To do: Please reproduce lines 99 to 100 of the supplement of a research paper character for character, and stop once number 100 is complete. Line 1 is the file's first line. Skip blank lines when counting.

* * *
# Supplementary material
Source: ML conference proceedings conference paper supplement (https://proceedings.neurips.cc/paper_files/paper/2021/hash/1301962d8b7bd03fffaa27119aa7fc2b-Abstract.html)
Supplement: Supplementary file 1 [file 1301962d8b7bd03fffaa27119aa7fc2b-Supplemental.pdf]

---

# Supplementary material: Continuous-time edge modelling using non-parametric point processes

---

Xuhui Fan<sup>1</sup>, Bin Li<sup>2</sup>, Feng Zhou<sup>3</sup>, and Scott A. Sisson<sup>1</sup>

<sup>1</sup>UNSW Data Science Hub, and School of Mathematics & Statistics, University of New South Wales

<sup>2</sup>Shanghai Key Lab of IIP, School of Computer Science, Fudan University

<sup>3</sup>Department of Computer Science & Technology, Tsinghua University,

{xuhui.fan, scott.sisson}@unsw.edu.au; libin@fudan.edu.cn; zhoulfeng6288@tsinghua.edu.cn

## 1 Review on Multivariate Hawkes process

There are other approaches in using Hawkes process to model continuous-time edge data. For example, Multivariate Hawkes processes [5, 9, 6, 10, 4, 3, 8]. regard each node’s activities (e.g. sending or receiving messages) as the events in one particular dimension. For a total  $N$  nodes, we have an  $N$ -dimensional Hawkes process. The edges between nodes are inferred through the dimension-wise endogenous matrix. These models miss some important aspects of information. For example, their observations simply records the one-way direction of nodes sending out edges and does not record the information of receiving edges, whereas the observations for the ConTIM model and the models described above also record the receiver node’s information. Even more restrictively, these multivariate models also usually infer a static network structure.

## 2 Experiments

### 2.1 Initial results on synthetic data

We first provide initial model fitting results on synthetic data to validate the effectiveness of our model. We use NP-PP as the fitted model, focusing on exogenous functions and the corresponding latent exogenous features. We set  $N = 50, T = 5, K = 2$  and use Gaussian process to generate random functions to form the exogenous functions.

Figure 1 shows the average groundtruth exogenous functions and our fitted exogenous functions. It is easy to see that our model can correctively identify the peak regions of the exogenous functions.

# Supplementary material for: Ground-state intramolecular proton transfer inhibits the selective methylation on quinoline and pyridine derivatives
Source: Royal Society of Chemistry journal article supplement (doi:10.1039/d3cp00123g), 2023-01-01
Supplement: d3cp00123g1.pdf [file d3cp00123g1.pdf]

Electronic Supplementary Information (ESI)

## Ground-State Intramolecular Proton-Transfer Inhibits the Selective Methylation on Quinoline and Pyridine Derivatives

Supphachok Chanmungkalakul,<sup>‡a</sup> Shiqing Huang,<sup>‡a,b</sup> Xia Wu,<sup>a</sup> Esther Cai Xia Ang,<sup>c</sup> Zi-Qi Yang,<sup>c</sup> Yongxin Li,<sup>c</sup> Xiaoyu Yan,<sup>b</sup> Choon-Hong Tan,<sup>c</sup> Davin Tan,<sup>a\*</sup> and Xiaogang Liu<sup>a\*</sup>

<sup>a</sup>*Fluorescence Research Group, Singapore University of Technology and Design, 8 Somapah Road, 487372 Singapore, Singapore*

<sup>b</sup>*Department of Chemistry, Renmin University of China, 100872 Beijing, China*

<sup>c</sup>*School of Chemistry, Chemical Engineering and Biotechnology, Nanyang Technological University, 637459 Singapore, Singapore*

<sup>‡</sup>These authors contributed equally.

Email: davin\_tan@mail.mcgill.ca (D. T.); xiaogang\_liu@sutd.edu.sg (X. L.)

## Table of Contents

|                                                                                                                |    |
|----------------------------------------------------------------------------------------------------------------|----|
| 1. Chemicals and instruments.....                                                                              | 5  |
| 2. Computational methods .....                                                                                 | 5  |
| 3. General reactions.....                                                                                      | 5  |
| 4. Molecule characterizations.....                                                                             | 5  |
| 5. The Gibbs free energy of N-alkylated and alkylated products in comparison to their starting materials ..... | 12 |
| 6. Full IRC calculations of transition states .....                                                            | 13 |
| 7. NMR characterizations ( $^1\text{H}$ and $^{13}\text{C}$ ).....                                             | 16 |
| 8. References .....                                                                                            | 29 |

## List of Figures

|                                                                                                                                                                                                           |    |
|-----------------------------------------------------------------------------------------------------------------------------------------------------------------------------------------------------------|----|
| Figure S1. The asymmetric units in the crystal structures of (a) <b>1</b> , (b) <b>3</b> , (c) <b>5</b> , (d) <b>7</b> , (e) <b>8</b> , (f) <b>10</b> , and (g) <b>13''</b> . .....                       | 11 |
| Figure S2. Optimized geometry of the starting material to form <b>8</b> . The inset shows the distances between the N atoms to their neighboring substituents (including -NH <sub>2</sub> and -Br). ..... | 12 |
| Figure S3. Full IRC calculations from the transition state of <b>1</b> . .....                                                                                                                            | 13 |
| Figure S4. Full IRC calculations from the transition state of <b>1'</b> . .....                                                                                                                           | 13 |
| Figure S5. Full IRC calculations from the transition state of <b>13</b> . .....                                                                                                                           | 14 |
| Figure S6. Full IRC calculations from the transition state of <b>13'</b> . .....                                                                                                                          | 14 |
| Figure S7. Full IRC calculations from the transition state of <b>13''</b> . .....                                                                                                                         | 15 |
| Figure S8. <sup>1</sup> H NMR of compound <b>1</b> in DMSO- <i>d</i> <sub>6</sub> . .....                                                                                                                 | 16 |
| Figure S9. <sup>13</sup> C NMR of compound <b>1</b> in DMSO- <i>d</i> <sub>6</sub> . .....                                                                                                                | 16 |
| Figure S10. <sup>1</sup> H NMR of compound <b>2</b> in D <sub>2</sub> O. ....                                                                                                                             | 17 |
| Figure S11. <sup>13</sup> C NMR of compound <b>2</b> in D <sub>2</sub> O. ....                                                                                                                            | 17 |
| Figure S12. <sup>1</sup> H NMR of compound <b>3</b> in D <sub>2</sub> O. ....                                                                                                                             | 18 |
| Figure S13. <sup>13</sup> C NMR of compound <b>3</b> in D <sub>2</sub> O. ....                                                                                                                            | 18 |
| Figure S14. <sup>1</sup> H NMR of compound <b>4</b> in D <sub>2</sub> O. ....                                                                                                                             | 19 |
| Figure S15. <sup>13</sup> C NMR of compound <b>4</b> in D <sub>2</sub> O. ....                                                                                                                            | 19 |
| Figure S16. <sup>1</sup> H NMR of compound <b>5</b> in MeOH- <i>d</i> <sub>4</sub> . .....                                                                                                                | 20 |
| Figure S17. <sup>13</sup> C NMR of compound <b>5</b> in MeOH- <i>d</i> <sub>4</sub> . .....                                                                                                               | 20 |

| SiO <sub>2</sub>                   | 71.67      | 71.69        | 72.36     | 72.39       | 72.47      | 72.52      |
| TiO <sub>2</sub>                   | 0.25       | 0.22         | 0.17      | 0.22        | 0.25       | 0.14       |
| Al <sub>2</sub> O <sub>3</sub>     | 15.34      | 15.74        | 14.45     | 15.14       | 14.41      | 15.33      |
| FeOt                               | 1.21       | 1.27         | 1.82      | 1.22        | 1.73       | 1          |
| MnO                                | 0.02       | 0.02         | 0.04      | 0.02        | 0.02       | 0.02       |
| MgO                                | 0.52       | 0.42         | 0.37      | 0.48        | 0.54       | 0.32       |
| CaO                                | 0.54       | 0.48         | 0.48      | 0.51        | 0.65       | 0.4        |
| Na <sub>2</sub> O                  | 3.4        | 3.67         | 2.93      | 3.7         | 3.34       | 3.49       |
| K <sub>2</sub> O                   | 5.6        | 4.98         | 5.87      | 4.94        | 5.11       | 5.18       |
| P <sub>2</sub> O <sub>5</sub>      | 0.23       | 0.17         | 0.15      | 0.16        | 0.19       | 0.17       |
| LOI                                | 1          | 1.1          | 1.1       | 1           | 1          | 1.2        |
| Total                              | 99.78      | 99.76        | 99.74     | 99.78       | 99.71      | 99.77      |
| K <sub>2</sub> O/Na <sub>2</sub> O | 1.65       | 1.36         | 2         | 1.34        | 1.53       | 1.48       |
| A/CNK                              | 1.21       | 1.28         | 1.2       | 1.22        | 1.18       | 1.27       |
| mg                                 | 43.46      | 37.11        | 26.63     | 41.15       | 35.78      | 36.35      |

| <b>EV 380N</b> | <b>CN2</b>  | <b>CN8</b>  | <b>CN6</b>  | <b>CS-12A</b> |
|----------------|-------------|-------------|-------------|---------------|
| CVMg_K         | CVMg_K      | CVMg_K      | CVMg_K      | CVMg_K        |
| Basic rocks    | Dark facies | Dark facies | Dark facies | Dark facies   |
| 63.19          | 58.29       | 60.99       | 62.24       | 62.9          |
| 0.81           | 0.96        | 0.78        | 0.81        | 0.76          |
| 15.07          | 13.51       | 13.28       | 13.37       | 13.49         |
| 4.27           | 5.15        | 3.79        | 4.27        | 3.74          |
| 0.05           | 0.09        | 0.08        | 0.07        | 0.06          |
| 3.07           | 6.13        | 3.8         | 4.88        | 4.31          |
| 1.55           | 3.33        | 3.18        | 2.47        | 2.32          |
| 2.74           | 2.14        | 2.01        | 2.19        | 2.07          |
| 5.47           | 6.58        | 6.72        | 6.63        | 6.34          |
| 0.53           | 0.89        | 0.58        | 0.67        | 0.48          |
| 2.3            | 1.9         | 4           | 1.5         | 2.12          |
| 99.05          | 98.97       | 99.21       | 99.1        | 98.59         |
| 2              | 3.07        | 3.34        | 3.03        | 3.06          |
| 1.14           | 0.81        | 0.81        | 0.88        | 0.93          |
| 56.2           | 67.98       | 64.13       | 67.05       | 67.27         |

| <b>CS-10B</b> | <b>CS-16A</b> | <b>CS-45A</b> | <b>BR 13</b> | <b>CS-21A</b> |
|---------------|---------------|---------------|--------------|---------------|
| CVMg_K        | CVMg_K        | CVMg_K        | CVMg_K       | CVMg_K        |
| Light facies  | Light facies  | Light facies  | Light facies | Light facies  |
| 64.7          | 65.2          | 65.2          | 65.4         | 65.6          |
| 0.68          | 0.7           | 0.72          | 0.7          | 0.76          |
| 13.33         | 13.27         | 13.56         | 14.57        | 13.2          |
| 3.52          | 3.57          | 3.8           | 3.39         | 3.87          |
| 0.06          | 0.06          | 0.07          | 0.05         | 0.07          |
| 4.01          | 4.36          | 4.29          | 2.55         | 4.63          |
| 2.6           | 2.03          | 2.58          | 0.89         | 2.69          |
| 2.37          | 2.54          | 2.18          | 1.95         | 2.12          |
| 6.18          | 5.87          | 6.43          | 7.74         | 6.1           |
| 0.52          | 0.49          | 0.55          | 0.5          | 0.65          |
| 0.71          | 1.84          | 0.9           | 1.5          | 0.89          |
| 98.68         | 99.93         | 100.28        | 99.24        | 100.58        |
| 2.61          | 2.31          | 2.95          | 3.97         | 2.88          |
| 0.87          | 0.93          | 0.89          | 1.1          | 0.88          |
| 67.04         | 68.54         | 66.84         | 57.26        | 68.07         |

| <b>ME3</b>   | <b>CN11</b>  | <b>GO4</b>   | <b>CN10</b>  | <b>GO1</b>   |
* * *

| 0.68          | 0.7           | 0.72          | 0.7          | 0.76          |
| 13.33         | 13.27         | 13.56         | 14.57        | 13.2          |